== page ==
Um, and again, I graduated in 2018, so I haven’t really talked to my professors that much since I guess, 20 18, 19 20, I applied in last year, 2020. So, so yeah, and like 2, [00:42:00] 3, 3 years. And, um, I reached out to them and was just like, let’s have a 30 minute catch up zoom calls. So you see how things are going.

How’s how’s, how’s the L um, um, you know, this is what I’m doing. Like I’m, I’m busy working for a law firm. And we just had like a 20 minute, 30 minute chat before I was, I dropped the question. Um, and we just talked about like the subjects that I took in school. Um, and yeah. Um, that’s, that’s one way to do it again.

Like teachers know that this is, this is part of, well, it’s not part of their job, but like it’s expected. So, um, you’re not, you’re not just using your teacher. Uh, you’ve had them, they’ve taught you, uh, that’s their job. Um, and so hopefully, uh, they, they know that step also just doing good in their class and making sure you’re doing your assignments, like just being a good student, [00:43:00] participating, not like if you’re virtual, keeping your cameras on teachers really love that this year just general stuff you would do to be a good student, but then.

Chatting a little bit. Um, so we’re going to ask one more question before I do the quick little pop-up, but um, one person asks during the presentation, you said that we could ask for recommendation recommendations from other figures aside from teachers or counselors. Does it mean I can ask for a relative who taught me during homeschool for letters of recommendation.

So this kind of double yeah. Relative, right. Okay. So in general, um, I think colleges do like to have it from more, um, again, so, um, ideally not someone in your family, um, [00:44:00] but you graze up the question of homeschooling and I know that’s a little bit more difficult. Again, this depends on the schools that you’re applying to.

And this is actually, um, accessible information by just, you know, using the internet. Um, you can find out what specific schools ask for from homeschool applications. Um, I honestly just did a search right before this, anticipating this question, Yale and Barnard, for example, um, have the same requirements for homeschool students that they have for, uh, non homeschool students, uh, when it comes to letters of recommendation.

So in those, you know, there are other, hopefully other mentor figures in your, in your life, uh, that you can ask for. It could honestly even be like your librarian, uh, your local librarian that you like talk about books about, um, talk with about books that you’ve like checked out. Um, ideally you maybe have taken like a class at your local community college.[00:45:00]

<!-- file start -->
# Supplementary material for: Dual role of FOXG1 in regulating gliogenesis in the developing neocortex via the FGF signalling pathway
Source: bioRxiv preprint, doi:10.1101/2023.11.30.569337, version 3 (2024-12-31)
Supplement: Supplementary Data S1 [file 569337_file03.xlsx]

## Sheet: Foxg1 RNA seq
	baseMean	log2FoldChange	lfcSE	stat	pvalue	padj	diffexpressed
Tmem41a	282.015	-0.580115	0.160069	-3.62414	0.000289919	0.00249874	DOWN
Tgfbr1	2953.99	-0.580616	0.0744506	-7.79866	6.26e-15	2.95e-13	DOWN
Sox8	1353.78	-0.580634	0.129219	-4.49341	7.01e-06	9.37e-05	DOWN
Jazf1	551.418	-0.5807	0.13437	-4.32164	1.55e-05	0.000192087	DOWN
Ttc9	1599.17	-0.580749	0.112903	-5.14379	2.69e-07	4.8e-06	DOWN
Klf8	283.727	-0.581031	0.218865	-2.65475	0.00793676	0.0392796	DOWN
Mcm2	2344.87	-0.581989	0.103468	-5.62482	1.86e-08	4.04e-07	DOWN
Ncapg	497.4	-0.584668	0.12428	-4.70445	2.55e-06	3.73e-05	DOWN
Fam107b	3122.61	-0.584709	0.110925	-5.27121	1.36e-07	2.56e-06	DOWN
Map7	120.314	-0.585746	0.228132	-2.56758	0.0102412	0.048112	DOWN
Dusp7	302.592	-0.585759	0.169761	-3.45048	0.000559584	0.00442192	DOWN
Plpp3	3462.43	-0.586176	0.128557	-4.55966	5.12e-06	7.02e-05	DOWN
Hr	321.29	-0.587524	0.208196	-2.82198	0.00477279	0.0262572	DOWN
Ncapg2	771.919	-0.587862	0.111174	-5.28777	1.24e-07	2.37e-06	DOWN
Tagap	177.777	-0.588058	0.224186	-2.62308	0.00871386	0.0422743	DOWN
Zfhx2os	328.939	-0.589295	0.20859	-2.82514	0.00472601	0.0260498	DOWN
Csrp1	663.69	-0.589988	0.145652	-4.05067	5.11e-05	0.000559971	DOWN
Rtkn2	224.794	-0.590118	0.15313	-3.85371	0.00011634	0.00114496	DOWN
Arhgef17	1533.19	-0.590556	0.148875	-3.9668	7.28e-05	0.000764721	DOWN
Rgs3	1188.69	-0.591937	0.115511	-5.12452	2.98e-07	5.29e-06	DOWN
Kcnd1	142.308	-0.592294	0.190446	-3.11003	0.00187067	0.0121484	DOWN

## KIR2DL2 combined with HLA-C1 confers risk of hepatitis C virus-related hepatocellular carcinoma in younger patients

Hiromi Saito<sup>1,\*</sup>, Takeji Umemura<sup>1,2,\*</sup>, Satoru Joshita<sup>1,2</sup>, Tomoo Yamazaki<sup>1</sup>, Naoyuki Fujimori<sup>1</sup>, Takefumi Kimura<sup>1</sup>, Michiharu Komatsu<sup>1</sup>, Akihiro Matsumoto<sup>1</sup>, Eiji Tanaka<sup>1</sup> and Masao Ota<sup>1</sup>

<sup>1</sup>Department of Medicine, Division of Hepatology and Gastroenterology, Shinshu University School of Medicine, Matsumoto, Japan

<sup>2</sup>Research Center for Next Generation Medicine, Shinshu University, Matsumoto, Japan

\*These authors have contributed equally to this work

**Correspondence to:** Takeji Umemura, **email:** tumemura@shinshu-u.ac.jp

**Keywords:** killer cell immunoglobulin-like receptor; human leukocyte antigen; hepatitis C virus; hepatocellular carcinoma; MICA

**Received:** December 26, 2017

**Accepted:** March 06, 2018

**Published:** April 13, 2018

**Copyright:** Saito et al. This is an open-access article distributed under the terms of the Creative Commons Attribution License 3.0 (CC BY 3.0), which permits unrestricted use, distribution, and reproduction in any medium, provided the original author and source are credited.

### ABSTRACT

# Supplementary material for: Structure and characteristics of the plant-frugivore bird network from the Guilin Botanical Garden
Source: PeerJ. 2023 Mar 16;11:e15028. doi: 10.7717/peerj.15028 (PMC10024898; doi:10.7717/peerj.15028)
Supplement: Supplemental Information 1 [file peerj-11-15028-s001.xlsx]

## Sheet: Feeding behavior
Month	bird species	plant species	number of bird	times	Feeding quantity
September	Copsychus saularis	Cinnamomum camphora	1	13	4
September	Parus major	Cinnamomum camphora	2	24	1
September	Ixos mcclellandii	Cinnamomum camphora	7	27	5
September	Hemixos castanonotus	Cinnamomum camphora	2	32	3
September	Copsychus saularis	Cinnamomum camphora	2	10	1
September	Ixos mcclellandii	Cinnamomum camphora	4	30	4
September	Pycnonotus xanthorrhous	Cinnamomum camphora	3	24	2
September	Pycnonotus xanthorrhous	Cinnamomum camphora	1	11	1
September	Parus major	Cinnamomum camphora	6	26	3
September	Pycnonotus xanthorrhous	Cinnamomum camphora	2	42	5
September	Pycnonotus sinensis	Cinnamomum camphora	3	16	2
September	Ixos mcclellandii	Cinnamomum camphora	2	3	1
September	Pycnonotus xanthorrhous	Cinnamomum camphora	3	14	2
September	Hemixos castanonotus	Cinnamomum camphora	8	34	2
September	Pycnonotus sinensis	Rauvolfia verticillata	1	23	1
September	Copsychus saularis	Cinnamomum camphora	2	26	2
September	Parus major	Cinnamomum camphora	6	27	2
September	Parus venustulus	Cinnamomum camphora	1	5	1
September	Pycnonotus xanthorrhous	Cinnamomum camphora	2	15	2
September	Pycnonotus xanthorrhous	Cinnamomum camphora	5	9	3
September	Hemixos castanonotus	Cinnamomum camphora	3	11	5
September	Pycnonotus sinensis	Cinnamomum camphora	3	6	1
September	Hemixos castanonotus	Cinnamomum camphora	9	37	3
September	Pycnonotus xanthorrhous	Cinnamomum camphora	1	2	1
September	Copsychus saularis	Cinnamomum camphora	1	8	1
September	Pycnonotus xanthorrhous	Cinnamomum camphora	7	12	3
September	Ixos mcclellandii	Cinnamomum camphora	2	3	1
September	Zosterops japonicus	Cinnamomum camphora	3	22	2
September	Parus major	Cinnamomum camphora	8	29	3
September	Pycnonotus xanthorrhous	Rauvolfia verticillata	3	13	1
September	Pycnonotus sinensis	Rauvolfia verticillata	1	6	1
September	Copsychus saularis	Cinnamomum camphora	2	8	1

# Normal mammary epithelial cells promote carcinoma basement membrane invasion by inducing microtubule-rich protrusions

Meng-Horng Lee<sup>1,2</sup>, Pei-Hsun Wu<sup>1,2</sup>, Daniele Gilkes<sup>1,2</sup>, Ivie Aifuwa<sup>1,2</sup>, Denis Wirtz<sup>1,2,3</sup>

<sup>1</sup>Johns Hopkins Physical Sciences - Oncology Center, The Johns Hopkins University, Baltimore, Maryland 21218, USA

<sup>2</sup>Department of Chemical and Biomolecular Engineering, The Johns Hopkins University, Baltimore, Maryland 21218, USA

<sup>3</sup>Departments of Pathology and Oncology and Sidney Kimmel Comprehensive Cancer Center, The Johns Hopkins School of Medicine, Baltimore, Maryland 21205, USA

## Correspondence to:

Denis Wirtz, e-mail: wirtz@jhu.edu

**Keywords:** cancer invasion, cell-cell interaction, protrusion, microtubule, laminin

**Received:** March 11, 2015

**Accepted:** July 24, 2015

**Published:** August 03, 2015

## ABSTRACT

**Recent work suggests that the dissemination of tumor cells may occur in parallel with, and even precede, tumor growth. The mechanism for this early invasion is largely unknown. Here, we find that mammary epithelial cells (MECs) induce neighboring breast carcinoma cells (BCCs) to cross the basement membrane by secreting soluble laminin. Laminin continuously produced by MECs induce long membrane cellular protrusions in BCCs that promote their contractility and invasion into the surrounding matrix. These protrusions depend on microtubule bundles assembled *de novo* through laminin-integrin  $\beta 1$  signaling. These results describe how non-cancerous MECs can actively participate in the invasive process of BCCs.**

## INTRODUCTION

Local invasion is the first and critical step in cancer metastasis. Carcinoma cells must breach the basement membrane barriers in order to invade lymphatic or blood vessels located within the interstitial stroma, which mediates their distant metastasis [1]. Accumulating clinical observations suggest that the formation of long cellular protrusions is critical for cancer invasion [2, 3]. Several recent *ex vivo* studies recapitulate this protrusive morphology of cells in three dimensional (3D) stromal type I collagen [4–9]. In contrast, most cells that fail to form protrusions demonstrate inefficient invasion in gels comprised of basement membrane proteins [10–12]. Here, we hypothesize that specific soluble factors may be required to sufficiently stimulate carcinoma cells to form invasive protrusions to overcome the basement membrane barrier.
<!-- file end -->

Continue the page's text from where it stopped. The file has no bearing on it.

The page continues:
Um, you have an, uh, an independent, uh, a relationship with someone who isn’t in your family. Who’s taught you like an AP class or just any other class. Uh, um, there are ways to find other adult figures, uh, to write you a letter of recommendation. Um, some schools will allow you to include employers if you’re homeschooled and you don’t have a teacher, um, community service, uh, there are other figures out there that you could write.

Okay, so we’re going to do a quick pop-up, but once I work one-on-one with one of our, um, with, with an advisor, from our team of over 155 advisors and admissions offices sign up for a free consultation, um, by going to and clicking the green chat button in the bottom, right of the screen from there, just write consultation and a live team member will get back to you to help coordinate your [00:46:00] free consultation with us.

Okay. So here’s the popups. You can click that to go there. Um, so yeah. Um, now back to the Q and a SU, let me see, like, uh, okay. There we go. Yeah, just, you can just click X. Um, yeah, it’s a lot going on. Um, I made it, you know, I’m an advisor by the way. Um, Mackenzie is also an advisor. Yeah, it’s, uh, there’s a lot of slides, a lot of knowledge over here.

Uh, okay. So can you ask for additional, um, teachers and end up not using no letters? Like if you decide not to apply to a school last minute, um, that requires three recommend, like, can you just tell them no and not use it pretty much? Yeah. Um, it’s yeah, you [00:47:00] can ethically, it’s not like the best thing to do, but you can end up doing that.

Um, just you won’t like, you just won’t assign their name to a school and it’ll just sit in the common app and, and weather.

Um, okay. Um, I’m going to ask a question from the pre panel. Um,

Uh, when is the best time to ask for recommendation? So I saw some questions like with regards to like regular decision versus early. When’s a good time. Yeah. Um, like we said, you know, um, late junior year is probably the best time, uh, again, because some of you will probably end up applying early and those, uh, deadlines are coming up, you know, uh, November mainly.

Um, so if you ask before the summer, that’ll give your [00:48:00] teachers plenty of time to start brainstorming, um, and even drafting the liar. Uh, okay. This one’s a bit niche. I think it’s, well, it’s not niche, but it’s asking like, non-teacher recommenders. So like, can you ask for a recommendation letter from a teacher, um, from a, like a college prep.